When unfurled, the Rolly is nice and solid, to the extent you can't tell there are seams in between the rows of keys. As advertised, the keyboard automatically wakes up the nearest paired tablet -- in this case, I tested it with LG's new G Pad II slate, which came to life as soon as I'd levered open the first row of keys. The feel and travel of the island-style keyboard is not dissimilar to the MacBook I'm using to write this, but like every portable Bluetooth keyboard ever, it's no fun to type on. Due to the cramped layout that's unavoidable at that size, I was missing keys, hitting the wrong ones and clawing up my hands in the hope they would somehow shrink before RSI set in. Also, the magnets on either side of the keyboard are slightly higher than the keys themselves, but they still feel like keys to peripheral fingertips, resulting in many a useless tap.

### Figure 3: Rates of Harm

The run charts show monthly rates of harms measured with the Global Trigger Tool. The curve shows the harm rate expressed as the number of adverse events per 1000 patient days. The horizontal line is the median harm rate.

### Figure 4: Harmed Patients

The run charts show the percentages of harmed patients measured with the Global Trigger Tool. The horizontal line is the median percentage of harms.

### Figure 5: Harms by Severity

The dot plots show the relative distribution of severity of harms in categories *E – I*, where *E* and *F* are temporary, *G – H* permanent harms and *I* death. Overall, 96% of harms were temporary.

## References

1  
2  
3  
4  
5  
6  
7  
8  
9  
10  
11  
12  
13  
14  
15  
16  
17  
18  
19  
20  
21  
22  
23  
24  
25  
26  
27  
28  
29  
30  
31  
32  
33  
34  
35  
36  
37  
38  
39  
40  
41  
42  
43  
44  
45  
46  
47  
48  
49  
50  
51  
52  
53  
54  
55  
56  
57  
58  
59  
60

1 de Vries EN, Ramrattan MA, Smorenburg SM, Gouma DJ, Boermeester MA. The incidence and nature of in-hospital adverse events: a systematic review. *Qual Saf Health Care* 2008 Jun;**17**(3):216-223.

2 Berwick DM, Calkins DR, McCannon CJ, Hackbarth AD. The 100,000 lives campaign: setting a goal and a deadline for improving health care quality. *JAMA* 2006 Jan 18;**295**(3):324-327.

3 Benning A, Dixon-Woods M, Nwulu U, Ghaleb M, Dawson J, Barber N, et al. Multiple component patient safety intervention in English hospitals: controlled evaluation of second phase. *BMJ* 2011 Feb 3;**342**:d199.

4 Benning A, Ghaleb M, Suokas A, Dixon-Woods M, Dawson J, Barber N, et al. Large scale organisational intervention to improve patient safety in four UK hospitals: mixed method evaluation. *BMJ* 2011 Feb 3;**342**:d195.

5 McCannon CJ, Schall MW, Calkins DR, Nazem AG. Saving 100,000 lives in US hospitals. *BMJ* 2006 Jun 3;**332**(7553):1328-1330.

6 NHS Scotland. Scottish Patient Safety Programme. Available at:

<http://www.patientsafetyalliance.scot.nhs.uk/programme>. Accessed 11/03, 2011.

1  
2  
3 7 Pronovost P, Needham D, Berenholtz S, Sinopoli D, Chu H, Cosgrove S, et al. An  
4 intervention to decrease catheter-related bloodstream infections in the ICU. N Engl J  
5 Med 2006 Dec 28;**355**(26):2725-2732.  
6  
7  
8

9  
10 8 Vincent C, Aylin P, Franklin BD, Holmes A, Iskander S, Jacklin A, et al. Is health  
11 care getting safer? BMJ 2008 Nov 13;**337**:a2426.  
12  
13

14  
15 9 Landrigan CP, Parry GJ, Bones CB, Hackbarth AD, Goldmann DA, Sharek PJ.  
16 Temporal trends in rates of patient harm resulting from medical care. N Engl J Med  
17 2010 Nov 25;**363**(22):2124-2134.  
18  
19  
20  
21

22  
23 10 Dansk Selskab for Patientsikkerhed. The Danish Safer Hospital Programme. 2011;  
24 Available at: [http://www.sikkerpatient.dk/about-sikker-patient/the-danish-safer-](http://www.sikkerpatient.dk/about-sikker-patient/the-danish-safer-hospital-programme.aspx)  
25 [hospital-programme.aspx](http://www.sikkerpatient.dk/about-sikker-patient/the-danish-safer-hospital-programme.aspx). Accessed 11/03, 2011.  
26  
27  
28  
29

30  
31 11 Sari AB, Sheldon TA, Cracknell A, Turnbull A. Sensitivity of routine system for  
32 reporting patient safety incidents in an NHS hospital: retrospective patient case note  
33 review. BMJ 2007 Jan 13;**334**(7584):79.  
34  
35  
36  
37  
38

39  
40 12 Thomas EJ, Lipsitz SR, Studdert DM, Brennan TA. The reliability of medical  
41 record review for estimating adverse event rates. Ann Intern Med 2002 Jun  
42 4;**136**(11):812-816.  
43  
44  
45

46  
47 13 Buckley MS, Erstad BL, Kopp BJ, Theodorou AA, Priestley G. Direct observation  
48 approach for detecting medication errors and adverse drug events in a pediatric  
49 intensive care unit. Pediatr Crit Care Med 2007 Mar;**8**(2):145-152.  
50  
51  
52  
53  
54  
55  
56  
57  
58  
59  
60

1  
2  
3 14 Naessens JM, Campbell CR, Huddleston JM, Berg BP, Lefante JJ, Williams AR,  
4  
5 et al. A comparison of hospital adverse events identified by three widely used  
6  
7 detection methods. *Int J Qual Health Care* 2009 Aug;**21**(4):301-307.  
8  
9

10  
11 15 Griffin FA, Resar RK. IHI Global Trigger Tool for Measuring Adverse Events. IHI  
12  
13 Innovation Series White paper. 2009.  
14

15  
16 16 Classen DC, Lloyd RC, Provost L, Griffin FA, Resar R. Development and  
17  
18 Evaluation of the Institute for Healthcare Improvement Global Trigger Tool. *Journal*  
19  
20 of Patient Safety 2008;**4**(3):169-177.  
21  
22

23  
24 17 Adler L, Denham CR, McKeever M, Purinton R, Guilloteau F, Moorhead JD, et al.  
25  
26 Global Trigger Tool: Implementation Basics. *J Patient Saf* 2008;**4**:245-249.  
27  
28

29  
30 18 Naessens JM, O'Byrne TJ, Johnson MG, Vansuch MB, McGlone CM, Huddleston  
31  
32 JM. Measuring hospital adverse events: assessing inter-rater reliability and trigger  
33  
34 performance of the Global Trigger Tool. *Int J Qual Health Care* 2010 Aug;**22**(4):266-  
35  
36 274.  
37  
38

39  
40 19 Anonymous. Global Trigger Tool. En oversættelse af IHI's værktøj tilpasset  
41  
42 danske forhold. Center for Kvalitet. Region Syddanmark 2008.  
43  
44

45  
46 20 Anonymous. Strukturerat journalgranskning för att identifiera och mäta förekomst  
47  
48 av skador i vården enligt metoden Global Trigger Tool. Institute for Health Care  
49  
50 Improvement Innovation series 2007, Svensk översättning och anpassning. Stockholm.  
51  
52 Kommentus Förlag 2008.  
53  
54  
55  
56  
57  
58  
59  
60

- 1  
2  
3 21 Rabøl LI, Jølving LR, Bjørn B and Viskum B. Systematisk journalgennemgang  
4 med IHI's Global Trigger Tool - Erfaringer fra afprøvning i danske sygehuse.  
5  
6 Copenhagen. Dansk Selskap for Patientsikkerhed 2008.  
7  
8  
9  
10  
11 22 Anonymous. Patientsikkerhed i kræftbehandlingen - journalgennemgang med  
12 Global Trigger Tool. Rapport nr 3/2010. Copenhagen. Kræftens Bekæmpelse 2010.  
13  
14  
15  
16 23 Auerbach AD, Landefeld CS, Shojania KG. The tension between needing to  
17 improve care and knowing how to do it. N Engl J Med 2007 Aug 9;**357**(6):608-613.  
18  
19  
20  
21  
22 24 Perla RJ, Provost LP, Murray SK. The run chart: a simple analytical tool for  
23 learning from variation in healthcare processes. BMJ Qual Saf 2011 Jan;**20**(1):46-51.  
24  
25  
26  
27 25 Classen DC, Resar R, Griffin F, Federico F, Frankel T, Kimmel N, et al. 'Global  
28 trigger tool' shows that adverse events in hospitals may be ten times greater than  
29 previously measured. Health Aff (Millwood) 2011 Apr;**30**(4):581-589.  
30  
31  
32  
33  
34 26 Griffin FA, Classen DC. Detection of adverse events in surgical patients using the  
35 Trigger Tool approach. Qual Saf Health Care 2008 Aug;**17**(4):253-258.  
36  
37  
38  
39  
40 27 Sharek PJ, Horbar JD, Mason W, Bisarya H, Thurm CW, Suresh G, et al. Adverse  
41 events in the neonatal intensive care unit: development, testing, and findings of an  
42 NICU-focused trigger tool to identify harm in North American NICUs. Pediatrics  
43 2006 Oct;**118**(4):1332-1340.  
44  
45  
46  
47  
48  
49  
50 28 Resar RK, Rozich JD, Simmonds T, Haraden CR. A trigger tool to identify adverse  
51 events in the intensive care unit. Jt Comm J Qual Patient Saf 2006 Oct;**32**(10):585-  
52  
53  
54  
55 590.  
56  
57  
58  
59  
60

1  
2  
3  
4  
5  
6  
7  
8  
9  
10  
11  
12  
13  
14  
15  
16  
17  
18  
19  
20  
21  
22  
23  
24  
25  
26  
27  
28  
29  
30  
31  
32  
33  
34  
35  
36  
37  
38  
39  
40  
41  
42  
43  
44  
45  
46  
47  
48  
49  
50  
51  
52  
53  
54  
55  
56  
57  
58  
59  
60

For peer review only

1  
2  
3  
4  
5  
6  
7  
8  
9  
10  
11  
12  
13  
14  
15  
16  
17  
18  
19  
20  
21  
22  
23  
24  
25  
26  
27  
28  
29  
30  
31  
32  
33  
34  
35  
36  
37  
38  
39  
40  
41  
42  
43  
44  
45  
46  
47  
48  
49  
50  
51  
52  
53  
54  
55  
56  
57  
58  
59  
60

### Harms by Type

But let's be honest, the Rolly is as much about style points as it is hammering out a quick email at the airport. And me even using the phase "style points" when talking about a Bluetooth keyboard means LG has done something right. With a suggested retail price of $119 when it launches in the US later this month (before dropping elsewhere shortly after), though, you'd have to be rolling in it to pick one up without at least a test drive.
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